Friday, April 24, 2020

The Hunt For Red October (1990)

One of the best Cold War films ever made, The Hunt For Red October is about a renegade Soviet sub commander heading towards the American coast. Neither side knows of his intentions: Has he gone mad and decided to launch an attack? Or, as CIA analyst Jack Ryan believes, does he intend to defect?

Based on the Tom Clancy bestseller, which was more of a technical manual on modern submarine warfare, the film managed to create an incisive character study about two kindred souls on opposite sides of the Cold War. Sean Connery plays Captain Marko Ramius, a highly respected Soviet officer in command of the new submarine Red October, which has the ability to go stealth and elude U.S. radar systems, making it a possible first strike weapon. To further alarm U.S. intelligence, he's heading directly for the East Coast. 

Alec Baldwin plays Jack Ryan, a naval historian turned CIA analyst who believes Ramius intends to defect. Ryan had compiled a dossier on Ramius and believes he has valuable insight about his intentions. Ryan's main task is to convince his superiors in the CIA and the military Ramius isn't trying to start a war. It's the classic scenario of the man of books trying to persuade the men of action. Although we learn later Ryan was a former marine who opted for the academic life.

Red October is full of great supporting roles. James Earl Jones as Admiral Greer, Ryan's mentor at the CIA. Fred Dalton Thompson as an admiral, Sam Neill as Ramius's executive officer, Joss Ackland as the cagey Soviet ambassador, Richard Jordan as the shrewd National Security Advisor, Courtney B. Vance as a brilliant sonar operator, Tim Curry as a Soviet doctor, and Scott Glenn as an American sub commander who decides to trust Ryan.

John McTiernan's direction is masterful here as well, taking a complex plot and making it engaging and suspenseful. There's a realistic look to the film, never a nationalistic "look what our toys can do" type approach, but a sober minded look at the role of submarines in international relations. The film avoids all the bad Cold War cliches for the most part, except for the driven Soviet commander Tupolev (Stellan Skarsgard) pursuing Ramius. Soviet officers are humanized, while the Americans are portrayed as wise professionals doing their best to avoid a war.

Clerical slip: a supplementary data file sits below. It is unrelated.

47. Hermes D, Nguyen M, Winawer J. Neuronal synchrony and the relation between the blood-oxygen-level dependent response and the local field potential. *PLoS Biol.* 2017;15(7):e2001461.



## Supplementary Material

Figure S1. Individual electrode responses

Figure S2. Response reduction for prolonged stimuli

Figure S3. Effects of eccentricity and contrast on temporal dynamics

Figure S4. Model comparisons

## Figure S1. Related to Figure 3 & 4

Dare I say it's a movie liberals and conservatives can both appreciate. Those on the right will admire the heroic portrayal of the U.S. Navy and its respect for tradition, while those on the left will respect a movie not glorifying militarism (like many of the era), but championing decent characters employing rationality and courage to navigate themselves through a crisis.

Released in 1990 at the height of glasnost perestroika and the imminent fall of the Berlin Wall, it was a hopeful time in international politics. With liberal democracy spreading throughout Europe, the film manages to channel the euphoria that a more peaceful era could be on the way, as Ryan says to Ramius at the end, "Welcome to the New World, Sir." Such sentiments sound beyond naive in 2020, but at the very least Red October does a superb job of portraying characters putting their lives and reputations on the line for peace - and a better world.


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